Paediatric keratoconus has faster rate of progression and is typically more severe at diagnosis when compared with adult keratoconus.1 There is also a correlation between keratoconus and axial myopia so it is not unusual to see the two conditions coexist.2,3 Here, BS shared with the Myopia Profile Facebook community a case of a 12-year-old progressing myope with early keratoconus.
Is the change in refractive error due to axial length or a steepening cornea?
This case highlights the value of axial length measurements in understanding myopia progression. The child’s axial length has increased by R 0.34mm and L 0.37mm over a two year period, while the refraction has increased by R -1.50D and L -1.25D in the same time. Considering that typical axial elongation in emmetropic children is 0.1mm per year on average,4 it could be presumed that 0.2mm of this total axial progression is ‘normal’ with the remaining R 0.14mm and L 0.17mm over two years indicating only a small amount of myopia progression.
The axial length measurements become invaluable in this case as it clarifies the axial component of the refractive error change. The ratio of axial length to refractive error change in children is not conclusively defined, being somewhere around 2D per mm – read more in Six questions on axial length measurement in myopia management. Hence, as KG has highlighted, the total axial elongation over two years is equivalent to around 0.50-0.75D of myopia progression which is much less than the observed refractive progression. Something else has contributed to the refractive change – the steepened cornea, as detected in the astute measurement of the post author.
Corneal curvature doesn’t typically change during school-aged childhood myopia progression,5 so any measured steepening is a red flag for potential ectasia.
What can we do?
1. Continue current treatment while acuity is maintained
At the early stages of keratoconus, one can continue prescribe glasses or soft contact lens if the patient can achieve a good level of vision. As the child is still achieving good acuity from a myopia controlling soft contact lens (MiSight), commenters suggest maintaining the current strategy including after cross-linking is done, as depicted below.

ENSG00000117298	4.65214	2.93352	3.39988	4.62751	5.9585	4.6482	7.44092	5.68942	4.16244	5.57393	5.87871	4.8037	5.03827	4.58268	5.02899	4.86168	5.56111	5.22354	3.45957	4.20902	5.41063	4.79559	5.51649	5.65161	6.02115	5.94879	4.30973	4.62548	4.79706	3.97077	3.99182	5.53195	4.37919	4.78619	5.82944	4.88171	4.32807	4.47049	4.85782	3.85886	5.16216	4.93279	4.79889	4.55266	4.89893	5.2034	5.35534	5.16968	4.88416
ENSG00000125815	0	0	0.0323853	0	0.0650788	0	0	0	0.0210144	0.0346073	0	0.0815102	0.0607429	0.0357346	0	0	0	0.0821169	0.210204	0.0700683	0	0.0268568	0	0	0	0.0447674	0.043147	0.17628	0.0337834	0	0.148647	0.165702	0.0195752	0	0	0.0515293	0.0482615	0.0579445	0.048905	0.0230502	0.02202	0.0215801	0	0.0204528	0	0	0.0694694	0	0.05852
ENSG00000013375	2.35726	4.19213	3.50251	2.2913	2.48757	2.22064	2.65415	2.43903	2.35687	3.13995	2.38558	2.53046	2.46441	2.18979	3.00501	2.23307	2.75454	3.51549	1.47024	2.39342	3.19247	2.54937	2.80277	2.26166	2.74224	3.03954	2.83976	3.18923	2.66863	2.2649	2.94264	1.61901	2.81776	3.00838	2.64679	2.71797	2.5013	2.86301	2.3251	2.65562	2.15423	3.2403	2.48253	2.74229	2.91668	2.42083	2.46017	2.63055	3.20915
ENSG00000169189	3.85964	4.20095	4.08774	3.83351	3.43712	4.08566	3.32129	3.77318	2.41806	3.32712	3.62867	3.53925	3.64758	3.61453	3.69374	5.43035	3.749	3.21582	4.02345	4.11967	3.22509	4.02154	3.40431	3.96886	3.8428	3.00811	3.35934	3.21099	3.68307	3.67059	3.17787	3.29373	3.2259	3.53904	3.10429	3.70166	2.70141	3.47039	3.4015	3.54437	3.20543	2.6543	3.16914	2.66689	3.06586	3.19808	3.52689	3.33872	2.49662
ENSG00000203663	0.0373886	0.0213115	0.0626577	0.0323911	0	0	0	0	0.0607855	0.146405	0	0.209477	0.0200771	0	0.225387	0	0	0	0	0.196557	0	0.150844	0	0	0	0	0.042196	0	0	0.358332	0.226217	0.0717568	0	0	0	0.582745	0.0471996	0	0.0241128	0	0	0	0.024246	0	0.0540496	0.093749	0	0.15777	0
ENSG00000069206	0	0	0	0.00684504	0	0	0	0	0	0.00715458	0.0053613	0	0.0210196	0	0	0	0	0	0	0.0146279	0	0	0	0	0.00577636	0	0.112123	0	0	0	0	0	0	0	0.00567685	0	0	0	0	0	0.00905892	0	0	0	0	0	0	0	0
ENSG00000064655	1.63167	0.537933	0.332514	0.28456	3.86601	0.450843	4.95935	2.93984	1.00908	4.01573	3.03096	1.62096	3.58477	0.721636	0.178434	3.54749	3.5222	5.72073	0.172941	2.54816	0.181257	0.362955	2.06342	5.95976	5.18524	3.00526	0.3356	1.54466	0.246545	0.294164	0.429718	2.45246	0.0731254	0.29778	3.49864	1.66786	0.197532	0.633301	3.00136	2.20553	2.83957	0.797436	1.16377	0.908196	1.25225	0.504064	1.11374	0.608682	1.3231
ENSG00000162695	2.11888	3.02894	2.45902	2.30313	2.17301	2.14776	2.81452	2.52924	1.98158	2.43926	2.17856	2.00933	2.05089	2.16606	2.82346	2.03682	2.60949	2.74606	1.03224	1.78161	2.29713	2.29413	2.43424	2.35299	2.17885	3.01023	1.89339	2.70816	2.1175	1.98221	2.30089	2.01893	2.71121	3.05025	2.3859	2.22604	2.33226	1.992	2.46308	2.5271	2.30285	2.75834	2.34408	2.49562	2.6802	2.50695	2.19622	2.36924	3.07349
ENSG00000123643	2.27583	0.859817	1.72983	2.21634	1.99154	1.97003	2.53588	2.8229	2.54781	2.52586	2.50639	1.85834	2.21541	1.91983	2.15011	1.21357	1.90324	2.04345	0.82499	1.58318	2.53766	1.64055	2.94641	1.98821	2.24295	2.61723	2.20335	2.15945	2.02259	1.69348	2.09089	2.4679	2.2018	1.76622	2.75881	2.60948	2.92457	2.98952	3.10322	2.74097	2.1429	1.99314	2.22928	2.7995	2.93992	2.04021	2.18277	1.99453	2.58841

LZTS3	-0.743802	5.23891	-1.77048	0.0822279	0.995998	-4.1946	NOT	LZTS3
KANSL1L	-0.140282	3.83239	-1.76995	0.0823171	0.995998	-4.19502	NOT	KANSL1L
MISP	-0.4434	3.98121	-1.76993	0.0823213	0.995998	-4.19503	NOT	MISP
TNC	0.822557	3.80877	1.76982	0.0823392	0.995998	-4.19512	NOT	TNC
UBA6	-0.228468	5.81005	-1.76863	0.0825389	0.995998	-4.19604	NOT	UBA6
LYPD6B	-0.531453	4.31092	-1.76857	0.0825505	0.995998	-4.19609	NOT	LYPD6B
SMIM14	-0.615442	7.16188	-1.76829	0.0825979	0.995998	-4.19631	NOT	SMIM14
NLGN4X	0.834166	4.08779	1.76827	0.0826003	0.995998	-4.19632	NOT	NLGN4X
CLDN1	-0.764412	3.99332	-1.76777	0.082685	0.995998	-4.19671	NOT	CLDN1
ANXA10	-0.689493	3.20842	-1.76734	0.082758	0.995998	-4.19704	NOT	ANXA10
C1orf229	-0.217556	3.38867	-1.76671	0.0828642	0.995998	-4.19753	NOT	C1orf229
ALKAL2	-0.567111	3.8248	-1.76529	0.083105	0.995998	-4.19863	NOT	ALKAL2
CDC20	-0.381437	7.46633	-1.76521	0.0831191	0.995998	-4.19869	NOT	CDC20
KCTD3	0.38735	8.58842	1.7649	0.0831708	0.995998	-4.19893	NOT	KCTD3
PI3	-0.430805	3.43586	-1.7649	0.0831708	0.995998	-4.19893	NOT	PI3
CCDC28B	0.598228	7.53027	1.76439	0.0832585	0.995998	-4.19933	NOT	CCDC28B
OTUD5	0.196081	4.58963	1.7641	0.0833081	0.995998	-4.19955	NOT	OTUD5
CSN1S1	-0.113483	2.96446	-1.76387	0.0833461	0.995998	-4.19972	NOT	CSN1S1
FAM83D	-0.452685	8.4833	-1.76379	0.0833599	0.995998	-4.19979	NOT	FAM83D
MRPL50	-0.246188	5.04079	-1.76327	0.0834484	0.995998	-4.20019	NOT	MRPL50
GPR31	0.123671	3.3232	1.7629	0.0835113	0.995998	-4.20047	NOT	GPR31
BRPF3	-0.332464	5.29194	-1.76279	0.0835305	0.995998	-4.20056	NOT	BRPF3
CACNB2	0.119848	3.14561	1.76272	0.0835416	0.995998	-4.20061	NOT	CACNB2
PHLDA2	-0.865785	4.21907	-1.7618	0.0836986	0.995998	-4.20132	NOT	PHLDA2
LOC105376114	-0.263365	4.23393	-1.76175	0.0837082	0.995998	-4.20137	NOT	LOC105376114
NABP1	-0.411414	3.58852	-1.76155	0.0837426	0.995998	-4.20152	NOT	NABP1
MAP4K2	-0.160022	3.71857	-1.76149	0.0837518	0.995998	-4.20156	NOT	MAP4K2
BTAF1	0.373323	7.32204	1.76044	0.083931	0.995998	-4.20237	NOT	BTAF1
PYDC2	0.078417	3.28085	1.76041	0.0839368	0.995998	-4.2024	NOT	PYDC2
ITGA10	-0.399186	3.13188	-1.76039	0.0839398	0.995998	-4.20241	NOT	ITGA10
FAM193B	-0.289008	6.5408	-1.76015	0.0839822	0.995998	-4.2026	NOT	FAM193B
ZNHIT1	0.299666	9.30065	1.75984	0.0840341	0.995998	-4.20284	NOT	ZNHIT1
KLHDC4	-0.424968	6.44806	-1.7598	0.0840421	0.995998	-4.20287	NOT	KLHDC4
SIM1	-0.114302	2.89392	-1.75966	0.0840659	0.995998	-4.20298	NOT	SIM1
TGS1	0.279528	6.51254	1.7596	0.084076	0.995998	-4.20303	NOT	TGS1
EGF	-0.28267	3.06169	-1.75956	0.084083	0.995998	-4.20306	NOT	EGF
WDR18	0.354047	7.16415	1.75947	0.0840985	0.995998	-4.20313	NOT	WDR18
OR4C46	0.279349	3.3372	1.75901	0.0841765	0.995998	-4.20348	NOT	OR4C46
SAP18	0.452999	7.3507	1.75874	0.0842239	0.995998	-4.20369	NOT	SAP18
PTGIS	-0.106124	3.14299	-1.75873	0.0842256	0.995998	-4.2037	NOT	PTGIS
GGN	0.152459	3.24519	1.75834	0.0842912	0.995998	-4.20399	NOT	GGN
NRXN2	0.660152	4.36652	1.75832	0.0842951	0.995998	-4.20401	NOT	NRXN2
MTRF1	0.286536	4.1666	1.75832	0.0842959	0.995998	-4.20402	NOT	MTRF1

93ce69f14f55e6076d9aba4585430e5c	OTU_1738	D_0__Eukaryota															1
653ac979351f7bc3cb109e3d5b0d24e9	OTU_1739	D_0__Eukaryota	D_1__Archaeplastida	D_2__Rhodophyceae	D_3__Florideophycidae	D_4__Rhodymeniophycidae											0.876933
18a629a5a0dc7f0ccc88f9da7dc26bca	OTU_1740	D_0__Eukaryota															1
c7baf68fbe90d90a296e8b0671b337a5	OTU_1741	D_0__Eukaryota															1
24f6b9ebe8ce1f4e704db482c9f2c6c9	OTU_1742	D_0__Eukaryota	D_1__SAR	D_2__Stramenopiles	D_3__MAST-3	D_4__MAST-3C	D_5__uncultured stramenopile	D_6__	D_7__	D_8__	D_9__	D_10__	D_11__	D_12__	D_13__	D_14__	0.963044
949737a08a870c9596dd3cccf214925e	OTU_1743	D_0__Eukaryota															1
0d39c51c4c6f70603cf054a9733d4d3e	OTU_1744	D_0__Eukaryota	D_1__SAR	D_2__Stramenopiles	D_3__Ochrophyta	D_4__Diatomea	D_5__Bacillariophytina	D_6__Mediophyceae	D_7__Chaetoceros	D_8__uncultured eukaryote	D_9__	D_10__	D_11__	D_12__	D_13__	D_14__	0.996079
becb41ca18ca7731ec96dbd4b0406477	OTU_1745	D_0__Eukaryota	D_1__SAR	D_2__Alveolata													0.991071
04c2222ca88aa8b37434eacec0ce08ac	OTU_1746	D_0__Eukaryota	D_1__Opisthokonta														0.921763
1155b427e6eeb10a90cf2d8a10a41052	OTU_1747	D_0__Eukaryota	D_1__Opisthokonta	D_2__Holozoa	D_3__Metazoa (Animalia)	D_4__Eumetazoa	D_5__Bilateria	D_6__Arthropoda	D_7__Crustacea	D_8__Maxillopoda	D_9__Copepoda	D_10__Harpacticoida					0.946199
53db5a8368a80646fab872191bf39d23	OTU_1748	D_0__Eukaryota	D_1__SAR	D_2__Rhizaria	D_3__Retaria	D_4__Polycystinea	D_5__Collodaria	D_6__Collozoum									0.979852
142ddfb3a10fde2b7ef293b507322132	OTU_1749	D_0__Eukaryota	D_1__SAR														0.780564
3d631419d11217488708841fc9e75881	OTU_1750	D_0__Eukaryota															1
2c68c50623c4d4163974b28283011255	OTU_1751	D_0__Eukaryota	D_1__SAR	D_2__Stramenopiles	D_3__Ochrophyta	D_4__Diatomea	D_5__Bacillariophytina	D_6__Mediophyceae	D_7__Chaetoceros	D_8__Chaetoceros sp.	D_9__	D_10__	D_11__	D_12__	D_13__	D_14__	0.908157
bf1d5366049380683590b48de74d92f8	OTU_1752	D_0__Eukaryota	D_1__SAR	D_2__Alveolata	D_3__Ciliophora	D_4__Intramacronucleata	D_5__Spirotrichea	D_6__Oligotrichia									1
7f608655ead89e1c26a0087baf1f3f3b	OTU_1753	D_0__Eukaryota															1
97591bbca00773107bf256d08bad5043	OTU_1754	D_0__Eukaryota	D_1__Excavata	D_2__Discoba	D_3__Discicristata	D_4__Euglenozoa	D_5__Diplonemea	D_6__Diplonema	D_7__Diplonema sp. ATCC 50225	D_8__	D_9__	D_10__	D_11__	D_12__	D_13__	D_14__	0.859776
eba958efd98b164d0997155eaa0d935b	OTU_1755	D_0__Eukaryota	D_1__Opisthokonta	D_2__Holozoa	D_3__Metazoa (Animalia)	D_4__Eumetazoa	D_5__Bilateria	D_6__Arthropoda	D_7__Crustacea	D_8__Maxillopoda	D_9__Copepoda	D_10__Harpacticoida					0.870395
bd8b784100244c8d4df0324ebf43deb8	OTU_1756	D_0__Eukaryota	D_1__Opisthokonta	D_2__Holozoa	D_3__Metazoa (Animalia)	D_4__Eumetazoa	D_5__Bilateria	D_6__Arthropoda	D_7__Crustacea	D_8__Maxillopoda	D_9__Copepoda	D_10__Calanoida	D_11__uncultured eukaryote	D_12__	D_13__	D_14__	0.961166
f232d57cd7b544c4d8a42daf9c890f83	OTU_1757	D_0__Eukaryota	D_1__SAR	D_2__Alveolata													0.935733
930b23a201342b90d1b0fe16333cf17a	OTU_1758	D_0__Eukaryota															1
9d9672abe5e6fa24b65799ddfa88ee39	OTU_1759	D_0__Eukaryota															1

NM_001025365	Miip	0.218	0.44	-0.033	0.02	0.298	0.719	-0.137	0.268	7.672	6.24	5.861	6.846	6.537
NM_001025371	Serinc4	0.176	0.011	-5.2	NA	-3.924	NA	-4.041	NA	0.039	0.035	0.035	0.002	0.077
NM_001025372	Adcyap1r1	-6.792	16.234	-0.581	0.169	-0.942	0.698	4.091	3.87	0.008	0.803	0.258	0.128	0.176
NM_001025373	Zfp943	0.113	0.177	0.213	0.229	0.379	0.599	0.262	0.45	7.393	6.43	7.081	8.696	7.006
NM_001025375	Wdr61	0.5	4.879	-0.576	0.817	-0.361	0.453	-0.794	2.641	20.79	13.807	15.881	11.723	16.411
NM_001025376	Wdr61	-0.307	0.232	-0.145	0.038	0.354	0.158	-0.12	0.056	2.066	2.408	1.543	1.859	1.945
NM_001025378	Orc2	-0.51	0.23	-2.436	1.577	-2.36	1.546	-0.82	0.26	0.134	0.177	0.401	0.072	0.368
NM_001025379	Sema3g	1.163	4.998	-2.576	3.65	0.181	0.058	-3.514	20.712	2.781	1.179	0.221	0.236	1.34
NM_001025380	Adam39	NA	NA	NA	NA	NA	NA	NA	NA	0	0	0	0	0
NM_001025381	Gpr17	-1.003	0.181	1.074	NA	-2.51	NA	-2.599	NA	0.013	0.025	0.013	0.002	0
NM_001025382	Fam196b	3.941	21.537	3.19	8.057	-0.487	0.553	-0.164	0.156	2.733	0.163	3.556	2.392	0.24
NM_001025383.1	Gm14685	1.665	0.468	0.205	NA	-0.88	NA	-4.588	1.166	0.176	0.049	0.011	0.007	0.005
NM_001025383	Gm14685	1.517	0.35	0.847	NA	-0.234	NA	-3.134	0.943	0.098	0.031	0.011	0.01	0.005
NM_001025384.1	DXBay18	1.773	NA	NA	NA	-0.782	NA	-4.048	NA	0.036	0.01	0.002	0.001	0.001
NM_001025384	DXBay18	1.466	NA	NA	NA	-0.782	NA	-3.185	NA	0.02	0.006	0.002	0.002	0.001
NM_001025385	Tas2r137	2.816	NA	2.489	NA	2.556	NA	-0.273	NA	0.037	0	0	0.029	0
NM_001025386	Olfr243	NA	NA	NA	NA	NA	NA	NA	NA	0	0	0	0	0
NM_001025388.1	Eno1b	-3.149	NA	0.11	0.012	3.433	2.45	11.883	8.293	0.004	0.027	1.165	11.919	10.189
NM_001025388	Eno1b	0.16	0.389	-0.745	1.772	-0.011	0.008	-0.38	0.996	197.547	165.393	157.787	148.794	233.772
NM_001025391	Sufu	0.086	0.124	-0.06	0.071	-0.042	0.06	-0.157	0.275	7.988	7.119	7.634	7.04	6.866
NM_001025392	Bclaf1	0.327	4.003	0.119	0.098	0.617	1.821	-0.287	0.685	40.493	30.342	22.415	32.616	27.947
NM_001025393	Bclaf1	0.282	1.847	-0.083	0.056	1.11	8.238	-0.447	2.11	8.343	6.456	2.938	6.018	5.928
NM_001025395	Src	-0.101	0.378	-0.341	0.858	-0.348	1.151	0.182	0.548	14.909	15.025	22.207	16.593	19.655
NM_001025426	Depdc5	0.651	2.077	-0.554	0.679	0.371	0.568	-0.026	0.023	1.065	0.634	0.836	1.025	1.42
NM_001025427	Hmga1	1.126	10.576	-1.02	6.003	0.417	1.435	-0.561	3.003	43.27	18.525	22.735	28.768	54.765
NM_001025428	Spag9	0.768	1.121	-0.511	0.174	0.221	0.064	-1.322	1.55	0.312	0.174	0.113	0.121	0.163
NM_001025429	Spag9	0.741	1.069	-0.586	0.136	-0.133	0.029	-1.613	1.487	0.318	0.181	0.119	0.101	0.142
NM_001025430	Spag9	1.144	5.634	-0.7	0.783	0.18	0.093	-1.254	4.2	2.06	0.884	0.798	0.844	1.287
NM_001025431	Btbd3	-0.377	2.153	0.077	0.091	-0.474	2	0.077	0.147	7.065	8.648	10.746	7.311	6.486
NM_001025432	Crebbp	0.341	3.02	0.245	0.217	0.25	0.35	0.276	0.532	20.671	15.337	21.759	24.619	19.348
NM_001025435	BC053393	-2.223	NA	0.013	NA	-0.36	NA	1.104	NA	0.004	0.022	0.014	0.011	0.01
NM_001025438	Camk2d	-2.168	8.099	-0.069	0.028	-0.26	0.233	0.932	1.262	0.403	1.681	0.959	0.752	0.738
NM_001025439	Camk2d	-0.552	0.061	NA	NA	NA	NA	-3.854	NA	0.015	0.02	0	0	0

Since myopia control studies typically exclude children with reduced acuity or any ocular health condition, the continued efficacy of a myopia control treatment in this child is unknown. Clear communication about this with the child’s parents is important.
2. Consider other options for now and the future
If keratoconus worsens, a switch to rigid gas permeable lenses (RGPs) may be necessary to improve functional vision and best-corrected acuity.6 In this case, the correction would be single vision – the use of RGPs with modified optics for myopia control hasn’t been well researched in the normal population, let alone in people with keratoconus. Pauné et al describe a novel RGP lens design that induces peripheral myopic defocus to help in myopia control but its efficacy has not yet been tested.7
From a myopia control perspective, conventional wisdom suggests avoiding fitting orthokeratology lenses to ectactic corneas. To learn more about the very small amount of literature on OK and early or suspect keratoconus, read Should I Fit Orthokeratology Lens To A Potential Keratoconic?
3. Provide advice on managing keratoconus progression
As the child is not yet proceeding with cross linking treatment, frequent follow ups are necessary to monitor changes in refractive error and best-corrected acuity. Since keratoconus is often associated with allergic/vernal keratoconjunctivitis and eye rubbing, providing advice on this and managing any ocular allergy can help in reducing the rate of progression.6
Take home messages:
- Paediatric keratoconus progresses faster than adult keratoconus, hence intervention should start as early as possible.
- In this case, seeing a small amount of axial length progression over two years helped to indicate that the refractive progression was not just axial. Determining that the cornea was contributing to myopic refractive change was only possible through measurement – taking keratometry readings and/or corneal topography measurements in progressing myopes is best practice.
- Myopic patients with impaired best-corrected acuity are typically excluded from myopia control studies, so clear communication with parents is necessary to set expectations for myopia control.
Read more on how axial length fills in the clinical picture
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- Léoni-Mesplié S, Mortemousque B, Touboul D, Malet F, Praud D, Mesplié N, Colin J. Scalability and severity of keratoconus in children. American journal of ophthalmology. 2012 Jul 1;154(1):56-62. (link)
- Scheer SE, Touzeau O, Morel C, Kopito R, Allouch C, Laroche L. Relationship Between Keratoconus and Axial Myopia. Investigative Ophthalmology & Visual Science. 2003 May 1;44(13) (link)
- Ernst BJ, Hsu HY. Keratoconus association with axial myopia: a prospective biometric study. Eye & contact lens. 2011 Jan 1;37(1):2-5.(link)
- Mutti DO, Hayes JR, Mitchell GL, Jones LA, Moeschberger ML, Cotter SA, Kleinstein RN, Manny RE, Twelker JD, Zadnik K; CLEERE Study Group. Refractive error, axial length, and relative peripheral refractive error before and after the onset of myopia. Invest Ophthalmol Vis Sci. 2007 Jun;48(6):2510-9. (link)
- Mutti DO, Mitchell GL, Sinnott LT, et al. Corneal and crystalline lens dimensions before and after myopia onset. Optom Vis Sci. 2012;89(3):251-262. (link)
- Mukhtar S, Ambati BK. Pediatric keratoconus: a review of the literature. International ophthalmology. 2018 Oct;38(5):2257-66. (link)
- Pauné J, Queiros A, Lopes-Ferreira D, Faria-Ribeiro M, Quevedo L, Gonzalez-Meijome JM. Efficacy of a gas permeable contact lens to induce peripheral myopic defocus. Optometry and Vision Science. 2015 May 1;92(5):596-603. (link)